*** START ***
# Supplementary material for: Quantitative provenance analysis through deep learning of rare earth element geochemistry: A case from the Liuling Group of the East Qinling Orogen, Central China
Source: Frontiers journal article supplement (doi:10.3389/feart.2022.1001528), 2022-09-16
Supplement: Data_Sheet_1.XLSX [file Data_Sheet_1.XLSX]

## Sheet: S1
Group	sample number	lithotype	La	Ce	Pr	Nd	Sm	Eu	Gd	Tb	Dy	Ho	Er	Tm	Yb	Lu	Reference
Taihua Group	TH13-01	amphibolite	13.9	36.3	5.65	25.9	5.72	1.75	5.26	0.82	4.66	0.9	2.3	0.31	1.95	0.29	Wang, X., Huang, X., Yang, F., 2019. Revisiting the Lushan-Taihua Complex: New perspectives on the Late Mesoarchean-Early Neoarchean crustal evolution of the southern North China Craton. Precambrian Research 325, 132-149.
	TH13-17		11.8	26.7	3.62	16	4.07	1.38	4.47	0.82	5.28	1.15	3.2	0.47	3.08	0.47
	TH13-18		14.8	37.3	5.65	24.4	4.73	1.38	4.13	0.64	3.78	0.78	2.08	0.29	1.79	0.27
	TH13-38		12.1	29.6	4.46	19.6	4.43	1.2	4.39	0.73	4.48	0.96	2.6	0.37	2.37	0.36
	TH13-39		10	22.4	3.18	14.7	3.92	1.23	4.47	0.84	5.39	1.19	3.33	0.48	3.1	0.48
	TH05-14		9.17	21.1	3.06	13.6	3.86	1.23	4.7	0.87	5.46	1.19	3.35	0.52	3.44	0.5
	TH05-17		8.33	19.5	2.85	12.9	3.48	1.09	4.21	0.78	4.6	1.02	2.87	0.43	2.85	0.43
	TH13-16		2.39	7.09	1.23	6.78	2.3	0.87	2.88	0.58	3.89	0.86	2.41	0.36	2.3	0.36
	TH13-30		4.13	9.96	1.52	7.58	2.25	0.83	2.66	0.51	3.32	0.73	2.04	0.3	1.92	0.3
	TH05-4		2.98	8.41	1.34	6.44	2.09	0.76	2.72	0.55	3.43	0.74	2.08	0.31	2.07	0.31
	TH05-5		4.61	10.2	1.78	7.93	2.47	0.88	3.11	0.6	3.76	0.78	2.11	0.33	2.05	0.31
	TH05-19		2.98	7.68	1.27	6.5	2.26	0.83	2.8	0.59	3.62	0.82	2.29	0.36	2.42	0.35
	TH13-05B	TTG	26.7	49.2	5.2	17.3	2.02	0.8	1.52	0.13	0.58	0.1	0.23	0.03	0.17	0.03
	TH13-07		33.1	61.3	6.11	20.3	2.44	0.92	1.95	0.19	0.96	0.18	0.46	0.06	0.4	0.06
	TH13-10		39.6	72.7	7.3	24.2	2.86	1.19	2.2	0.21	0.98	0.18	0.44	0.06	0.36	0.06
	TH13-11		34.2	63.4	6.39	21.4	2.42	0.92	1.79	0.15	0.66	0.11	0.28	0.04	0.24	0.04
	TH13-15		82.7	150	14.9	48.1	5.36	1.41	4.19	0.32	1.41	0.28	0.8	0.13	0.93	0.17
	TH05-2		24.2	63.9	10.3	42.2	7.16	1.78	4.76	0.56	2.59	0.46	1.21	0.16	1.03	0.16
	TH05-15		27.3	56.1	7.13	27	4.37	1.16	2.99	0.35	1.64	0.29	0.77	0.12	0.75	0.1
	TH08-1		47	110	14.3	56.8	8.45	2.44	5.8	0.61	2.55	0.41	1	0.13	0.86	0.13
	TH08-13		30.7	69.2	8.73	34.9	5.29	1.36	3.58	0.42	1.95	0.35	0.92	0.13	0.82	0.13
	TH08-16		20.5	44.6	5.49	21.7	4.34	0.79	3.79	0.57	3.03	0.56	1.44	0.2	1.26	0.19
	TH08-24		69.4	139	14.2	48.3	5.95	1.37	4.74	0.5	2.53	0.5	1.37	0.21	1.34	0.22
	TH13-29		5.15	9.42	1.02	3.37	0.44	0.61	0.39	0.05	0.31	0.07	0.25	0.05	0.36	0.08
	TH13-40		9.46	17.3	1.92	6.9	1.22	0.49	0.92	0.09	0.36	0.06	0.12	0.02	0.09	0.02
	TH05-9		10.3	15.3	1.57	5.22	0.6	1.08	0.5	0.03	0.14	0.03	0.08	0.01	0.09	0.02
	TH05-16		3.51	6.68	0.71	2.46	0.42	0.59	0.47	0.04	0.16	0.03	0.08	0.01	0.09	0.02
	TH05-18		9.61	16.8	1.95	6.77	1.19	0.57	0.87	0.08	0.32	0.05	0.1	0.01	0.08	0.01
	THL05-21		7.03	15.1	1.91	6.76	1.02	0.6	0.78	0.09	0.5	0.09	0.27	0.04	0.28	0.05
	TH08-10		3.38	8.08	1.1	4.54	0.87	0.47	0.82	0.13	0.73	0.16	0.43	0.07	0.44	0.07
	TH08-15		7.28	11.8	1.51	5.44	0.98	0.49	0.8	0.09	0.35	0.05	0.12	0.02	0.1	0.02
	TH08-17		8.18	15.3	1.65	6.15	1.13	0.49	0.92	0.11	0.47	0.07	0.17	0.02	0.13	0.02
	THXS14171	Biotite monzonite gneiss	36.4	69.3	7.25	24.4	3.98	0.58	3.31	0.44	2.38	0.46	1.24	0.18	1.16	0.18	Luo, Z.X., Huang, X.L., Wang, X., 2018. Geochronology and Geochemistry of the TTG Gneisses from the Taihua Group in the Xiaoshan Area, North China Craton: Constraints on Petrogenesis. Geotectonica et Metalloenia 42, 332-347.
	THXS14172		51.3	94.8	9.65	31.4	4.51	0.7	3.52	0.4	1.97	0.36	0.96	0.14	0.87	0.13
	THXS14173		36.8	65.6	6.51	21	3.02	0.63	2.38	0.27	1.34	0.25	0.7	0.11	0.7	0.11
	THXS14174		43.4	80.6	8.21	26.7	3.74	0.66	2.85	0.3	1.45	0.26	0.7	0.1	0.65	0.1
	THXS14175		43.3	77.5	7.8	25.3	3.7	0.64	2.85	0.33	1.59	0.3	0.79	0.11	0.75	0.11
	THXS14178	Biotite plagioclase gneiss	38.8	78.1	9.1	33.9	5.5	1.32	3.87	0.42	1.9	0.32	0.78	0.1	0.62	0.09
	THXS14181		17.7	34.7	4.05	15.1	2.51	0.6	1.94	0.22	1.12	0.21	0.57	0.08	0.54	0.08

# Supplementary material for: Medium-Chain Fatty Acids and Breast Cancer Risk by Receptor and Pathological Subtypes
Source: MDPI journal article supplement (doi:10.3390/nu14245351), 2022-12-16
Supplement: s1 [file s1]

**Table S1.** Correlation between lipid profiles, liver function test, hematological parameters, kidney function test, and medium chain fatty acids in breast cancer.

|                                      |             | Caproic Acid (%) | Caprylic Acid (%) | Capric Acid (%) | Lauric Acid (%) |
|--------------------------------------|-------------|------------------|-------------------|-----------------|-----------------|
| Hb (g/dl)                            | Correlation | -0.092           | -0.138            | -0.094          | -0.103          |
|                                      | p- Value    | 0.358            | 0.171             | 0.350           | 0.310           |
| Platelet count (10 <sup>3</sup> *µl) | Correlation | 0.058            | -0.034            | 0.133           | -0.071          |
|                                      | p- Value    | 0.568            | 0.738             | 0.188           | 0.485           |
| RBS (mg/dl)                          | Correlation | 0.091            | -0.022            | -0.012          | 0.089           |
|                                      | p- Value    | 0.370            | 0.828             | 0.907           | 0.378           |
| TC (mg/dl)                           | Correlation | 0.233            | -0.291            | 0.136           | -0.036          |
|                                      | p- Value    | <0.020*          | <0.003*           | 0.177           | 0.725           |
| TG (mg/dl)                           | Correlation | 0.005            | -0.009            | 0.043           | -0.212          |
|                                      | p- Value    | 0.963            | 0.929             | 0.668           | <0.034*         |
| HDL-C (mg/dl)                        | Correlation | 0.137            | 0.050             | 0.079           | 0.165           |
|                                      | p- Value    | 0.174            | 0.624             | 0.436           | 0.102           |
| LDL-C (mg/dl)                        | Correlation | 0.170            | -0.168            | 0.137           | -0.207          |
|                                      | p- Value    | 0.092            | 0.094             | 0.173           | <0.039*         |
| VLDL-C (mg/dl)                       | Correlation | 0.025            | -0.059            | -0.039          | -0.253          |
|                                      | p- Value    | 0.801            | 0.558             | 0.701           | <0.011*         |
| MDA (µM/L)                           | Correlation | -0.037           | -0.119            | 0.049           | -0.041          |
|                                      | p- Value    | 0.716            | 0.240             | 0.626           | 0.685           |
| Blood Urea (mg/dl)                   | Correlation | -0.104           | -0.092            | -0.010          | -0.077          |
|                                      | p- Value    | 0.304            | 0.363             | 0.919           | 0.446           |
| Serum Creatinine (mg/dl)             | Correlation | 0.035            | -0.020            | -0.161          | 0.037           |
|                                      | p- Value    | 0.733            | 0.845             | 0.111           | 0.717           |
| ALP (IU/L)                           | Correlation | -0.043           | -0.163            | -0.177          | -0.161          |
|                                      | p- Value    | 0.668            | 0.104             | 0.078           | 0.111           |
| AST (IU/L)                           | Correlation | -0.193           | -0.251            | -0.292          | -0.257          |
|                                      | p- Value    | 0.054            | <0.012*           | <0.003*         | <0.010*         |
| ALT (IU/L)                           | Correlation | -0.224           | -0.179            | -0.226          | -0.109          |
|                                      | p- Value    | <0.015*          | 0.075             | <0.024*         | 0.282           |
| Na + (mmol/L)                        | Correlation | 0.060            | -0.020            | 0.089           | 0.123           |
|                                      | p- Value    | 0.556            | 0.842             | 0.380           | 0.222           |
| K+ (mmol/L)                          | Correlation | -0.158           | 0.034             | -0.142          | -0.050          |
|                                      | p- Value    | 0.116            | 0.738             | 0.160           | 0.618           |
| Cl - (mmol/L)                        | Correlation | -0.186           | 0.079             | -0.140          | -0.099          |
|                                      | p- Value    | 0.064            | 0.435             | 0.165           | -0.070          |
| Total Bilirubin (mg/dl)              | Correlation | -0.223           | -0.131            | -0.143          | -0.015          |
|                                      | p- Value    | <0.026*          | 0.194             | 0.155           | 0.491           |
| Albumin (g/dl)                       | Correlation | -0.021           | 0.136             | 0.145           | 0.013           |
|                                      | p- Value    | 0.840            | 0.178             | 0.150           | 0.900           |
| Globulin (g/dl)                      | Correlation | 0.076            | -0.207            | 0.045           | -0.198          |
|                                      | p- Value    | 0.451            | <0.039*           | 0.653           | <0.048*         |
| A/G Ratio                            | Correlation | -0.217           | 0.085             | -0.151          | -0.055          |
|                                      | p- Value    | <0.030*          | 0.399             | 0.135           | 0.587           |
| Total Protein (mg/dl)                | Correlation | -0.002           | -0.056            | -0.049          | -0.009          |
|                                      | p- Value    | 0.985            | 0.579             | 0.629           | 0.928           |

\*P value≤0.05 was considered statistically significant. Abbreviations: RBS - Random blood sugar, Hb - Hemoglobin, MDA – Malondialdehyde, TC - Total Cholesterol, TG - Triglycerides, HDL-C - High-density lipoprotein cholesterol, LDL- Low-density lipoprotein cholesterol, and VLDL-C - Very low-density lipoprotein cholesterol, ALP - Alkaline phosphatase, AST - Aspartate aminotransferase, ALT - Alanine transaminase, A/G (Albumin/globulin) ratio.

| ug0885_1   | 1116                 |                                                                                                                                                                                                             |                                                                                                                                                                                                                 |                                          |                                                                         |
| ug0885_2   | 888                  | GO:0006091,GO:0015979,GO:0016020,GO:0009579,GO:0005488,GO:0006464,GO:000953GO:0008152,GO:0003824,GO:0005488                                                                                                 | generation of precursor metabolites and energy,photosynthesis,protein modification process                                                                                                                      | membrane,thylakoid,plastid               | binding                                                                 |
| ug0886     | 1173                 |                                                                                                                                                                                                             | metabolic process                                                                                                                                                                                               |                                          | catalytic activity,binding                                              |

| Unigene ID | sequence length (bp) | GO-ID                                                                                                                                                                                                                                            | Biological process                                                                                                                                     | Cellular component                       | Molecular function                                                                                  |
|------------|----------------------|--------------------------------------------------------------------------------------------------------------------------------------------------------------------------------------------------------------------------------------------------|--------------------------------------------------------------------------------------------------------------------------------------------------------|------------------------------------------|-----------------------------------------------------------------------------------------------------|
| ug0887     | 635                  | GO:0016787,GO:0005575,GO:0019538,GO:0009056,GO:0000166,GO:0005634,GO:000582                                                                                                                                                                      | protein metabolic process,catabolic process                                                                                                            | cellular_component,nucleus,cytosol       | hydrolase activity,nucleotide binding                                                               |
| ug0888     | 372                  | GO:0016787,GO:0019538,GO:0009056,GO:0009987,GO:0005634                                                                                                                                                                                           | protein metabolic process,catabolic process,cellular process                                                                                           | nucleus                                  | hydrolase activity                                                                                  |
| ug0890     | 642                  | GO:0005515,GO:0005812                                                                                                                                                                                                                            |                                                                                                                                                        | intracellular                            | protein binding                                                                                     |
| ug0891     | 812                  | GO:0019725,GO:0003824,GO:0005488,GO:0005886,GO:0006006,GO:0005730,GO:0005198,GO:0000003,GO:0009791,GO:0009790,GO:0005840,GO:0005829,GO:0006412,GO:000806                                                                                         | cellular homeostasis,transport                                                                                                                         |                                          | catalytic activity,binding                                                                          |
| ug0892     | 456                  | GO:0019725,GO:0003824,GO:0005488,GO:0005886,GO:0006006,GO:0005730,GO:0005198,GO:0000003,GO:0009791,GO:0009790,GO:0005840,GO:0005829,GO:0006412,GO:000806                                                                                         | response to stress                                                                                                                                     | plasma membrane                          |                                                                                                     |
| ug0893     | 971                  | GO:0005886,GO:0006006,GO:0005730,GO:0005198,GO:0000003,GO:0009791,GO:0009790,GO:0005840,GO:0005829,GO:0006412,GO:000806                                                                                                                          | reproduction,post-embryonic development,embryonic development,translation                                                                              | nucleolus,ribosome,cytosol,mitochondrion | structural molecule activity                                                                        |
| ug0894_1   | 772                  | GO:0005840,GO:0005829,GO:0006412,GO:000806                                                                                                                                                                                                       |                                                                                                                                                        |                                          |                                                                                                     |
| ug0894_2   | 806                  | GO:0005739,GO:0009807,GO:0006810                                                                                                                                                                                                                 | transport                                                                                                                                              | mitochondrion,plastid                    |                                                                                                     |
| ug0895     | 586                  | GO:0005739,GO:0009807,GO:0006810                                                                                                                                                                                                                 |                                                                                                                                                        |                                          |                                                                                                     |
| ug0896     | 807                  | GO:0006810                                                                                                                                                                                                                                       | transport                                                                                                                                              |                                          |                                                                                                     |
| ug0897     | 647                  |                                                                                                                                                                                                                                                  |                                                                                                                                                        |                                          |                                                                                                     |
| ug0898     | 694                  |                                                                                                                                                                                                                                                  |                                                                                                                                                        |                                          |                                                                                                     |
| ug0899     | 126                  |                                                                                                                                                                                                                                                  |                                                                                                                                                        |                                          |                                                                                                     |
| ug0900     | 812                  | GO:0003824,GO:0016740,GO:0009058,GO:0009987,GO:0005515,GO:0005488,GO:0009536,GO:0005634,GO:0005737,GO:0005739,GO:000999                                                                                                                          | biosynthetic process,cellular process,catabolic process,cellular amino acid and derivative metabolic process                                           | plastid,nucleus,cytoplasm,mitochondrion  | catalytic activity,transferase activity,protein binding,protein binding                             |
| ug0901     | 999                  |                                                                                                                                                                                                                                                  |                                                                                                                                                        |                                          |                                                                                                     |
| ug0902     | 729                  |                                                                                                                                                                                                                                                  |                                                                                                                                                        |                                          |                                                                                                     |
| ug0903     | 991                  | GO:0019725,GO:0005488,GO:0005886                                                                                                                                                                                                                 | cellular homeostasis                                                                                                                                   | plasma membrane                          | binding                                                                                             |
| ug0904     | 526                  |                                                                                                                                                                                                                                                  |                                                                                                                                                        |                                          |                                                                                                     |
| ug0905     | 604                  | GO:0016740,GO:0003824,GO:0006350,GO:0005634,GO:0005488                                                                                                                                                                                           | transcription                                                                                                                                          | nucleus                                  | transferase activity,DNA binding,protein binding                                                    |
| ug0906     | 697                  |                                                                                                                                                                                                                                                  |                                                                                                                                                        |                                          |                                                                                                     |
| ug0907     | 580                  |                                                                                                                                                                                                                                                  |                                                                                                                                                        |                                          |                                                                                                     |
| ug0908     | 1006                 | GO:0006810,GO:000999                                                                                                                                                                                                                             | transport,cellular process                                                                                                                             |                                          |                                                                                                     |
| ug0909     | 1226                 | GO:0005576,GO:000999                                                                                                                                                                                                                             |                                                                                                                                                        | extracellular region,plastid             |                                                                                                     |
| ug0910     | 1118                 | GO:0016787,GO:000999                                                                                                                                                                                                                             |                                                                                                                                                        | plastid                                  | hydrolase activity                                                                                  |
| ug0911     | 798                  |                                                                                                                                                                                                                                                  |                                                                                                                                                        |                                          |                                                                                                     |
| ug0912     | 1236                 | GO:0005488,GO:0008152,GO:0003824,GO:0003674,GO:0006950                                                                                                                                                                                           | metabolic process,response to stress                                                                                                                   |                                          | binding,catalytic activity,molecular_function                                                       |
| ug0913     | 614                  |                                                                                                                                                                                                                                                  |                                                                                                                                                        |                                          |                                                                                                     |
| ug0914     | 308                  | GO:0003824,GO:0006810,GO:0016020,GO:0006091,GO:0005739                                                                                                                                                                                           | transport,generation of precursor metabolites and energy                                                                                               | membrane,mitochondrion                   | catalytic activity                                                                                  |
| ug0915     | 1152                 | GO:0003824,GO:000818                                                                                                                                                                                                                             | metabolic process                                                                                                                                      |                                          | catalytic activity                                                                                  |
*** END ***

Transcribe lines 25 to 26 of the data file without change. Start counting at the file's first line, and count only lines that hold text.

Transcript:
	TH08-1		47	110	14.3	56.8	8.45	2.44	5.8	0.61	2.55	0.41	1	0.13	0.86	0.13
	TH08-13		30.7	69.2	8.73	34.9	5.29	1.36	3.58	0.42	1.95	0.35	0.92	0.13	0.82	0.13